• Inactivity: Lack of physical activity can contribute to being an unhealthy weight and increase the risk of high blood pressure and cholesterol levels.

Visit the risk factors page for more information.

How to reduce heart attack risk

An important step in reducing your heart attack risk is to get on top of your heart health and speak to your doctor about having an annual heart health check. This may involve discussing your family history then measuring your blood pressure, blood sugar and total cholesterol levels. Unhealthy levels of these can increase your risk of heart disease and heart attack, but they may not show any visible symptoms.

Making positive lifestyle changes to decrease your risk factors is another key step in reducing the risk of heart attack. Even small changes can have a positive impact on your risk. These can include maintaining a healthy weight through a heart-healthy diet and lowering alcohol intake, exercising regularly, quitting smoking and taking steps to manage blood pressure levels as well as to lower cholesterol levels. Speak to your doctor about what changes you can make.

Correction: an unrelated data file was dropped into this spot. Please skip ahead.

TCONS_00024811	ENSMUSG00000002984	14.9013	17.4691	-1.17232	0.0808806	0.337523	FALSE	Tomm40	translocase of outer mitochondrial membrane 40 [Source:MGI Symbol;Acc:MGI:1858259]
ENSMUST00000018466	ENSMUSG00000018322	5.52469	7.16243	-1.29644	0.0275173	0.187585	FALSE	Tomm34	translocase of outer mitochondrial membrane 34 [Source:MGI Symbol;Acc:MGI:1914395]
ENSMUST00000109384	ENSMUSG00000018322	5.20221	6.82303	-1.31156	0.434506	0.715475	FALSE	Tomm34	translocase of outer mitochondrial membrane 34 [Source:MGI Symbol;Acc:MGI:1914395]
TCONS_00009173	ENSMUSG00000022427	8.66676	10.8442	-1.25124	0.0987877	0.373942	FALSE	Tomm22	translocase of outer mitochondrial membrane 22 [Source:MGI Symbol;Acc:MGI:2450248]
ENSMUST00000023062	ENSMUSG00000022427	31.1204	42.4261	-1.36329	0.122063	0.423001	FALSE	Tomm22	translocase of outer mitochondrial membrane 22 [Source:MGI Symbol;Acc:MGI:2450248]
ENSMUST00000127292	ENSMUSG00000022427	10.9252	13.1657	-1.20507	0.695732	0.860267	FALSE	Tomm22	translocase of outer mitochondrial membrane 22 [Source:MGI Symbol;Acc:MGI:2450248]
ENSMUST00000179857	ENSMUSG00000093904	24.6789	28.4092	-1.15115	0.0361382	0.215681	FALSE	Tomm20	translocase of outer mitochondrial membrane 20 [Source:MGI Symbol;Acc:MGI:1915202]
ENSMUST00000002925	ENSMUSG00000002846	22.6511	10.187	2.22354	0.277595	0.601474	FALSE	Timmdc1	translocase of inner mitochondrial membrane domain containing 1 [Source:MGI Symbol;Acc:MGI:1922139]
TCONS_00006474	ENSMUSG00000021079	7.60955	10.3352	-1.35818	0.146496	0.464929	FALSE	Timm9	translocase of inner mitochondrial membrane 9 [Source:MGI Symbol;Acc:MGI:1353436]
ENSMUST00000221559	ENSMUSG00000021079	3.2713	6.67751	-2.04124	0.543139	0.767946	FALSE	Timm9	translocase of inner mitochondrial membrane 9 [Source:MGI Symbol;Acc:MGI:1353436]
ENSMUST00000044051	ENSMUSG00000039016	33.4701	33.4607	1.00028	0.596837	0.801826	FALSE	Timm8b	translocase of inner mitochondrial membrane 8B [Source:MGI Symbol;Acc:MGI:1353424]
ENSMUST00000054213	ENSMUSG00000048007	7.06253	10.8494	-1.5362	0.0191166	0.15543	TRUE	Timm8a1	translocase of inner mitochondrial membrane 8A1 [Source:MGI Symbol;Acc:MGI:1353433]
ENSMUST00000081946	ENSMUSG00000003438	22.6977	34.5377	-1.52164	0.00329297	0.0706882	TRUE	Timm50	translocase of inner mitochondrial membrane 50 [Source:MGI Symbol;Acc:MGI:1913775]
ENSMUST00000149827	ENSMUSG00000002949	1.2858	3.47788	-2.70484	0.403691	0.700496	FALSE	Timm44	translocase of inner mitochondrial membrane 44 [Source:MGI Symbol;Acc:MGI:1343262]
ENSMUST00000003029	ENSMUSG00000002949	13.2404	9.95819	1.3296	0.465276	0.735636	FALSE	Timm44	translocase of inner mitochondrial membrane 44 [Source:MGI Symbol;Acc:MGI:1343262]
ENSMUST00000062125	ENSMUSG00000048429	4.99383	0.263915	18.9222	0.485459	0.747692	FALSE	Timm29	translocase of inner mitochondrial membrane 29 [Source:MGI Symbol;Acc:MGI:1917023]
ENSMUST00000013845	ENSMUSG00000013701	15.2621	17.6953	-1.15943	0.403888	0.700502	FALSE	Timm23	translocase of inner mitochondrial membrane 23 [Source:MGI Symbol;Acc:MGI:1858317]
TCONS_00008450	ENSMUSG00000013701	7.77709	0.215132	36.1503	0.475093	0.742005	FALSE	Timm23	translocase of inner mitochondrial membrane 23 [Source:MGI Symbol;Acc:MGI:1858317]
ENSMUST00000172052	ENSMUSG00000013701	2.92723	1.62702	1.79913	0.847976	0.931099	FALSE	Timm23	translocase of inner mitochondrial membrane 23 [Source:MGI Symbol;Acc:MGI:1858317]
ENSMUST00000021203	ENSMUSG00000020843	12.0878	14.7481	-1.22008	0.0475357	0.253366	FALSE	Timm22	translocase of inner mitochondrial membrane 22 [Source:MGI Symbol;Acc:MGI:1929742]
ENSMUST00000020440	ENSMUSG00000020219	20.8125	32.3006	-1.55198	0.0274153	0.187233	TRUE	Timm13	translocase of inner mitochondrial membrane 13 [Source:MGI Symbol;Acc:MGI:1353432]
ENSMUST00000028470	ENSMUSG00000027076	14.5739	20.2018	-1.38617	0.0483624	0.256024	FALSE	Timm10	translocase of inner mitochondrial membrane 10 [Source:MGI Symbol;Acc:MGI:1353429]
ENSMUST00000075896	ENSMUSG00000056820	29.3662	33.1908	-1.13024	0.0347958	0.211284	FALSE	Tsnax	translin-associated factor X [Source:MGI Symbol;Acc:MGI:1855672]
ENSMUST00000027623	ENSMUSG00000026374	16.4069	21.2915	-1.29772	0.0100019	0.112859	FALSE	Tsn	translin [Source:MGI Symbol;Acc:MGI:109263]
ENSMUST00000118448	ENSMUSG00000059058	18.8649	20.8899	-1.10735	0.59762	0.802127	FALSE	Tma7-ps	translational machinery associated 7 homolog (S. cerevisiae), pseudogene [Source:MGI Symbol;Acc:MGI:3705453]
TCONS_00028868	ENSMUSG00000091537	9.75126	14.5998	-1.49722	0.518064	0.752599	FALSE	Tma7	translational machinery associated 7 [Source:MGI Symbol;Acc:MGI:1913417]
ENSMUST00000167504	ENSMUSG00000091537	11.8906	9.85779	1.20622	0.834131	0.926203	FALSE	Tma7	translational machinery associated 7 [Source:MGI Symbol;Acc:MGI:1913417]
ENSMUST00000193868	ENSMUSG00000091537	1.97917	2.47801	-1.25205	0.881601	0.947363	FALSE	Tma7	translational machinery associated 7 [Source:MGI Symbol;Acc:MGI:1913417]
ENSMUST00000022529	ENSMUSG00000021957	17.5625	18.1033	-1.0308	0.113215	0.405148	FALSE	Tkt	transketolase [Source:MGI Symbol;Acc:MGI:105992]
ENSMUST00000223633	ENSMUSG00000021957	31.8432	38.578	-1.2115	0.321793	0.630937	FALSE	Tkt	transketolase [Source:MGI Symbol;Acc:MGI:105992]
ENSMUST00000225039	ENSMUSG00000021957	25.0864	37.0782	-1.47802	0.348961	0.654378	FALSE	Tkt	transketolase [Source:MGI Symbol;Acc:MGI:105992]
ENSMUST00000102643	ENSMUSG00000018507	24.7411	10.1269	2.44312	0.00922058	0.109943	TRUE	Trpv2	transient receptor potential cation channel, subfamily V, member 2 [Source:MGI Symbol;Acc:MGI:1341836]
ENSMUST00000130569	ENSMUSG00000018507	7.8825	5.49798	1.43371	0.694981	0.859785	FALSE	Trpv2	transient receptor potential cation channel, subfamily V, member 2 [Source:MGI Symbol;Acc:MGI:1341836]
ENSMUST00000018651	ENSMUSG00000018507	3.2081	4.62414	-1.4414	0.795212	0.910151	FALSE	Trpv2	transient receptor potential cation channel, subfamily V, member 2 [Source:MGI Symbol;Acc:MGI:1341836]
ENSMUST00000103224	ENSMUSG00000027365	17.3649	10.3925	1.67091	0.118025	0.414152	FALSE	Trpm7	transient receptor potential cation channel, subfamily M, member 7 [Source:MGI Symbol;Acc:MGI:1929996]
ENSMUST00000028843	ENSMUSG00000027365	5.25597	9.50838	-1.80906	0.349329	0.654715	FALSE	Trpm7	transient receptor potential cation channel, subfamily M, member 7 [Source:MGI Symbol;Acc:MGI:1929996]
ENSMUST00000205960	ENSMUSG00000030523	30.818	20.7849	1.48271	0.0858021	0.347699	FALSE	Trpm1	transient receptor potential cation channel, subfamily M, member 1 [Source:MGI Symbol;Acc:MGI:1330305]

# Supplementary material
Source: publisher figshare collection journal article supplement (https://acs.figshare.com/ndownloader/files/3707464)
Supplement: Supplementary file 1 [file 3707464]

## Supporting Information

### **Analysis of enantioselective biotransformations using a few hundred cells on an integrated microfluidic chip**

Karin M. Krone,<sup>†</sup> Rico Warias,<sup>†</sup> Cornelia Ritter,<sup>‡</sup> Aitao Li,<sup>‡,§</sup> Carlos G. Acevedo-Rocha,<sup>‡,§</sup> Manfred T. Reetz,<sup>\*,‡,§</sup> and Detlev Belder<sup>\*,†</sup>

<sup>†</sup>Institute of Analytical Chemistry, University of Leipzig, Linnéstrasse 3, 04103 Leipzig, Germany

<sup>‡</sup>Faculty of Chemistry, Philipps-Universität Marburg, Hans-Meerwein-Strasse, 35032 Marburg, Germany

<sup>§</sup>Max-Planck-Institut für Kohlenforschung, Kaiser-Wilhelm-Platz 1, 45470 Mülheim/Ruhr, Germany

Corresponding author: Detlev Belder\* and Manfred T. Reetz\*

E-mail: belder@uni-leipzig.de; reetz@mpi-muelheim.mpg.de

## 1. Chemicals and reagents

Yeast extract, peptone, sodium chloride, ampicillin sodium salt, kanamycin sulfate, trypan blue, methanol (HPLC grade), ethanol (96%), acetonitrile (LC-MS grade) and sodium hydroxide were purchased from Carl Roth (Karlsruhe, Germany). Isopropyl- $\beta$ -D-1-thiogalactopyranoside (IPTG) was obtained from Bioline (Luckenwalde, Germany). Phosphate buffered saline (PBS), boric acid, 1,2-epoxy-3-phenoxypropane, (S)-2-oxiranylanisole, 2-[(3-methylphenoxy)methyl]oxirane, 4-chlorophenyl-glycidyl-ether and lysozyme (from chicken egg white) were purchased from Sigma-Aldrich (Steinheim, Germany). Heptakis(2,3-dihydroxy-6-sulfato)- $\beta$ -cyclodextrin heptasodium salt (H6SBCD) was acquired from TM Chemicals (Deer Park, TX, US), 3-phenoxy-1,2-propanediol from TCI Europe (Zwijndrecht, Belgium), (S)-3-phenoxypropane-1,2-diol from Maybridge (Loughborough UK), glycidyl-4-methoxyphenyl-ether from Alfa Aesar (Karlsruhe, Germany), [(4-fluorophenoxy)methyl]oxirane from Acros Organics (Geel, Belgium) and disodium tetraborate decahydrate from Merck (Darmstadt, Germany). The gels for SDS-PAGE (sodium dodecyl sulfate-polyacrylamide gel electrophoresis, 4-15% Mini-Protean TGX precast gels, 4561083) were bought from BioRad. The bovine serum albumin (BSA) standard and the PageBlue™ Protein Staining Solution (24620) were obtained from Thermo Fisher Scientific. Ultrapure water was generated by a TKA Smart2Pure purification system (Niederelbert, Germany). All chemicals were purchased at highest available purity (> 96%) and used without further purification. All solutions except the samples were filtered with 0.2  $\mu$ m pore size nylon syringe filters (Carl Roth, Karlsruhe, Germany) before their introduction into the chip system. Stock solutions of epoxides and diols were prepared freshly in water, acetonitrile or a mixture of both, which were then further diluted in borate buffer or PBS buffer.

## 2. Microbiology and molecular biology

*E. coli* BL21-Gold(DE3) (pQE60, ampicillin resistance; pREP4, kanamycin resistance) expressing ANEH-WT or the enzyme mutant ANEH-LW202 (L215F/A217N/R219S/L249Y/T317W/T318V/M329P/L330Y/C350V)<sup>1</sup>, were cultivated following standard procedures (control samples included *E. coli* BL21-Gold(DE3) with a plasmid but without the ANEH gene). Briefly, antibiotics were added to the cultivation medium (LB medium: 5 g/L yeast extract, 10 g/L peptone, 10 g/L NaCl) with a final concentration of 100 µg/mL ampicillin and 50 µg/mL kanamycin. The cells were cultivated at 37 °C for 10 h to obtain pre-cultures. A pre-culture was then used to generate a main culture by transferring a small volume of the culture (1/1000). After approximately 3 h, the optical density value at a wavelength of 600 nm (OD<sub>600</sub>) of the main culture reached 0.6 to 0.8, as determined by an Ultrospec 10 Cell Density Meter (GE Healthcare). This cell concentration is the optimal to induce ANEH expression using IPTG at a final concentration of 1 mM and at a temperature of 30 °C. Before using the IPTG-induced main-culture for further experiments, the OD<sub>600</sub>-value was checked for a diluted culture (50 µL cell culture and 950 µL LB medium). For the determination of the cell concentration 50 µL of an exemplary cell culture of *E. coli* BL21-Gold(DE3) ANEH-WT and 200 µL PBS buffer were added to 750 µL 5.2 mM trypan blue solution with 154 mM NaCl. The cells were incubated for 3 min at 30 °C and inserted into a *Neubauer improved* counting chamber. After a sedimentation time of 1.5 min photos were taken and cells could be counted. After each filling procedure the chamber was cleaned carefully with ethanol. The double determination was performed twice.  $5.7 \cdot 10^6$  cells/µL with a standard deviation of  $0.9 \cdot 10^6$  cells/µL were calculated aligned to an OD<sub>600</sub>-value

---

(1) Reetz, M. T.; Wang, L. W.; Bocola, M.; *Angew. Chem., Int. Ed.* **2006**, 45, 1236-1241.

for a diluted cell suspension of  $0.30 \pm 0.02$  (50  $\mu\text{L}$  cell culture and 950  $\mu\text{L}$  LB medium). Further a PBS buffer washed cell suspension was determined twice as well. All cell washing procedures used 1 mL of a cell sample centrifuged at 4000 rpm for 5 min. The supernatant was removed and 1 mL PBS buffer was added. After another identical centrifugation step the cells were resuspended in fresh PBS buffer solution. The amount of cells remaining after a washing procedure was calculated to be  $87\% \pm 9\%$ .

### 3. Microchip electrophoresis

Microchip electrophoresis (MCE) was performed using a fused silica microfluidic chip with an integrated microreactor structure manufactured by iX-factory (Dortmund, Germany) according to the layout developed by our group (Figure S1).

Heart attack treatment

Emergency treatment to quickly restore blood flow to the heart is vital. The longer the heart is deprived of oxygen, the greater and more permanent the damage to the heart. Treatment for heart attack may involve medications or surgery, and medical research over the years has helped to improve treatment options and survival rates.

To treat heart attack, medicines called thrombolytics are often used to dissolve the blood clot blocking blood flow to the heart. Medications may also be prescribed to help reduce the risk of another heart attack. These can include:

  • blood-thinning medications such as aspirin, to prevent clots from forming and stop existing clots from growing
  • blood pressure medications to lower blood pressure and reduce the strain on the heart
  • beta blockers to help relax the heart muscle and decrease the heart rate, to reduce the load on the heart and the risk of a heart attack.

In more severe cases, surgery may be required to restore blood flow to the heart. Surgical procedures include coronary angioplasty and coronary artery bypass graft surgery (CABG).